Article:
She’d been gone such a long time. He could only barely remember her now. He knew her face, could sometimes remember her voice but he couldn’t really remember her. Not the way he wanted to.
He was old enough to know now that she hadn’t left on purpose. She hadn’t left him on purpose. Life was just cruel like that sometimes. Still she’d died, and everything had changed. It was different now though. He had something he hadn’t really had before.
Hope. Promise. A chance at a real life and a real future.
Just not here.
He’d come to say goodbye. Say his last farewells to all that had come before, so he could step into his future without it hanging over him. He hoped she’d understand. He was pretty sure she would.
With a small pained smile, the young man brushed his fingers one last time over the letters of her name and then stood, straightening his neatly ironed T-shirt as he stepped back onto the path and towards his bright and happy future.
That was when he saw the light. Saw the golden glow like the very air was on fire. He could only stare as the world tore in front of him. And then the lightning came.
Jack wasn’t the biggest fan of cemeteries. He wasn’t the biggest fan of rift alerts in bright daylight under clear skies either. Everything was just a bit too harshly real in daylight. Especially when they arrived too late.
The cemetery looked like a bomb site. Or more precisely, like it had been the epicentre of a gigantic thunderstorm, condensed down into a tight ball. Perfect pristinely kept graves all around, and then splat, an area about five metres in diameter completely decimated. Grave-stones shattered or flattened, trees splintered and felled. A bench in fragments. There were scorch marks everywhere – like lightning strikes, broken vases, bits of debris, and few inches from his foot, just inside the blackened blast area, a teddy-bear lay smouldering. That wasn’t what made his stomach clench though.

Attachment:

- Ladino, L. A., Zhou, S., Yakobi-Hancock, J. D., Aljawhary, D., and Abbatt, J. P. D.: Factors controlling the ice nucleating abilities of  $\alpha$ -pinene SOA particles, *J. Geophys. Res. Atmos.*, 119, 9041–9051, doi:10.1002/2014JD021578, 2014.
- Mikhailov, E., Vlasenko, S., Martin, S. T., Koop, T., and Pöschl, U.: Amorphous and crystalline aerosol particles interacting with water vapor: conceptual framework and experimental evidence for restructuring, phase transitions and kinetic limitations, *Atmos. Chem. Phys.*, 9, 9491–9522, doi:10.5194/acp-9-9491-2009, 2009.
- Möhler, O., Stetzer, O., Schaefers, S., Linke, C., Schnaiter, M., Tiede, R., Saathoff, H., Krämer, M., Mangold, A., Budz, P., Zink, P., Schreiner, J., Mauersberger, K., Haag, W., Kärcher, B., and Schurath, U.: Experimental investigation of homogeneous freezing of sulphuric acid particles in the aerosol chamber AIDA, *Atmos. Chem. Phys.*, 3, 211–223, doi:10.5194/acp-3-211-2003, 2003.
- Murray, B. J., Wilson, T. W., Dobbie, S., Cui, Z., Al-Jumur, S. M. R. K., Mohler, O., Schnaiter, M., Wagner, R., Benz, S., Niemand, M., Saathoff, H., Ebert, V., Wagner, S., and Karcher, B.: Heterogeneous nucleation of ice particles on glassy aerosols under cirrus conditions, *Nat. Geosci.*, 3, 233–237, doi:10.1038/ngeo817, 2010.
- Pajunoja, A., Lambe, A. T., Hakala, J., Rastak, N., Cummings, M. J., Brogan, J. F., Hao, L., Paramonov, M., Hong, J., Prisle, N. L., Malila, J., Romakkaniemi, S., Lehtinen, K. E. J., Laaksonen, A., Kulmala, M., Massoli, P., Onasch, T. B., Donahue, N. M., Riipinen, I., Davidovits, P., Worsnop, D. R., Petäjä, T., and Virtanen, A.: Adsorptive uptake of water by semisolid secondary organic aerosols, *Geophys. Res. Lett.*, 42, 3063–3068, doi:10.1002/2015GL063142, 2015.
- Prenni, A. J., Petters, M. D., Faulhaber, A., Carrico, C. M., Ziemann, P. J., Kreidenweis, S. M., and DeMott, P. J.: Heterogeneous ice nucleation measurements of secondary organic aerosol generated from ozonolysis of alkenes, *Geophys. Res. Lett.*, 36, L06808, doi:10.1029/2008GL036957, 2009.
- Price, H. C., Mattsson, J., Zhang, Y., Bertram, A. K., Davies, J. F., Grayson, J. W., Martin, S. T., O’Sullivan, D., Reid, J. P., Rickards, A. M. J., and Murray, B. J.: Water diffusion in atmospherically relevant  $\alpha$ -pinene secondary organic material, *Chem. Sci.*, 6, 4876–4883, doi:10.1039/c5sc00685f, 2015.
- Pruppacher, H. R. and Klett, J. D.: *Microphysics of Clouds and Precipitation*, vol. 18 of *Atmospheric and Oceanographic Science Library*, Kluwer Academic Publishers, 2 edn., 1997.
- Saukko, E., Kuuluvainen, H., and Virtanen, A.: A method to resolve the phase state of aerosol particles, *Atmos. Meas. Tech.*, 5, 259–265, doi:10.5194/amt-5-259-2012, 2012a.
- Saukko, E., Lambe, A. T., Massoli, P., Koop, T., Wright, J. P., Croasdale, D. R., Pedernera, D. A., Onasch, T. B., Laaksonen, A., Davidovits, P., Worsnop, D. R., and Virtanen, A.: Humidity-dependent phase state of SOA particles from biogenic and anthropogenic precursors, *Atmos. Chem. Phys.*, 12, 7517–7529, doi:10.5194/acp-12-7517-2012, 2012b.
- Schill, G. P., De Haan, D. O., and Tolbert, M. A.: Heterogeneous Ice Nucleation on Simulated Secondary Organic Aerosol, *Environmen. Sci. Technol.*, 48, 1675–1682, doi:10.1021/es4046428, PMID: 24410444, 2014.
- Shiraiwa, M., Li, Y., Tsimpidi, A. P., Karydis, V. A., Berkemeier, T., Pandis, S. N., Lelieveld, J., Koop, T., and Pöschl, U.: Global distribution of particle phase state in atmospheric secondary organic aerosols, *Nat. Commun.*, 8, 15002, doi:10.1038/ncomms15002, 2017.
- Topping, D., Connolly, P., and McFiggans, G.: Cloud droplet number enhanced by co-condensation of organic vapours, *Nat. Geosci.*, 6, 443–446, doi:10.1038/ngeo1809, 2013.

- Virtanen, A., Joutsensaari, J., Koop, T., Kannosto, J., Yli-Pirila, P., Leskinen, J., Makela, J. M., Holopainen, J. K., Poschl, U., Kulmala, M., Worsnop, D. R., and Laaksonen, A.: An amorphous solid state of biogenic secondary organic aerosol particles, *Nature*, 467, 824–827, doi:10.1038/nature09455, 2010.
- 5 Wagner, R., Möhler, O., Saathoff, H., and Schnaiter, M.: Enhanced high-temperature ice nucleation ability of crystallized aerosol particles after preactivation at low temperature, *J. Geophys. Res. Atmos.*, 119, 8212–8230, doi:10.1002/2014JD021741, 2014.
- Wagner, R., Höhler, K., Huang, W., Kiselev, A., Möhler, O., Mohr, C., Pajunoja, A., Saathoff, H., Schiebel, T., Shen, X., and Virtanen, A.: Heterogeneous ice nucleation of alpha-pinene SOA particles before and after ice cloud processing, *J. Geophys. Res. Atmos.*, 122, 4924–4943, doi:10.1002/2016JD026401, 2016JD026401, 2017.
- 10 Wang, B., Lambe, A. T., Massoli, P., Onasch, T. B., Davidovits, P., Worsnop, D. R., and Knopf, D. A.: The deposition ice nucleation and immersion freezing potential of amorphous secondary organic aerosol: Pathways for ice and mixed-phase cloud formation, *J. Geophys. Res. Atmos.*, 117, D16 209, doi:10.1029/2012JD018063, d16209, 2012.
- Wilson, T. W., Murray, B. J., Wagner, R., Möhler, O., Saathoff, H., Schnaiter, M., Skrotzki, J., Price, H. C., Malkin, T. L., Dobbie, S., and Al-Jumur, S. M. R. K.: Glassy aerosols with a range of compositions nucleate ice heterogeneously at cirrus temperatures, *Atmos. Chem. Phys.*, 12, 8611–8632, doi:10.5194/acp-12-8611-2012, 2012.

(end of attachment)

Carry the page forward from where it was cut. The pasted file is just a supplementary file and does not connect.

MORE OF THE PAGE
No that was the body Tosh and Owen currently crouched over. They’d brushed past him just moments before, having run back to the SUV for their hazmat suits. Tosh had picked up some unusual readings as they’d approached the blast zone, and it was only wise to use caution entering the unknown.
Hazmat suits or not, Jack didn’t know why they were hurrying. There was no way anyone could have survived in the middle of all this. Especially given those readings Tosh had been picking up on her PDA. Rift Energy, radiation, other strange patterns, spikes and fluxes that were way off the scale. He couldn’t say he’d ever seen readings like it, so he wasn’t surprised when no-one else knew what the hell it was, or had been, that had ripped through this place.
As he watched, Jack began to frown. Tosh and Owen weren’t looking over the body like they were investigating a corpse. No, they were working with the body like the poor guy was...
Just as the thought trickled through the immortal’s mind, Owen tore back the hood of his Hazmat suit and yelled. “He’s still alive!”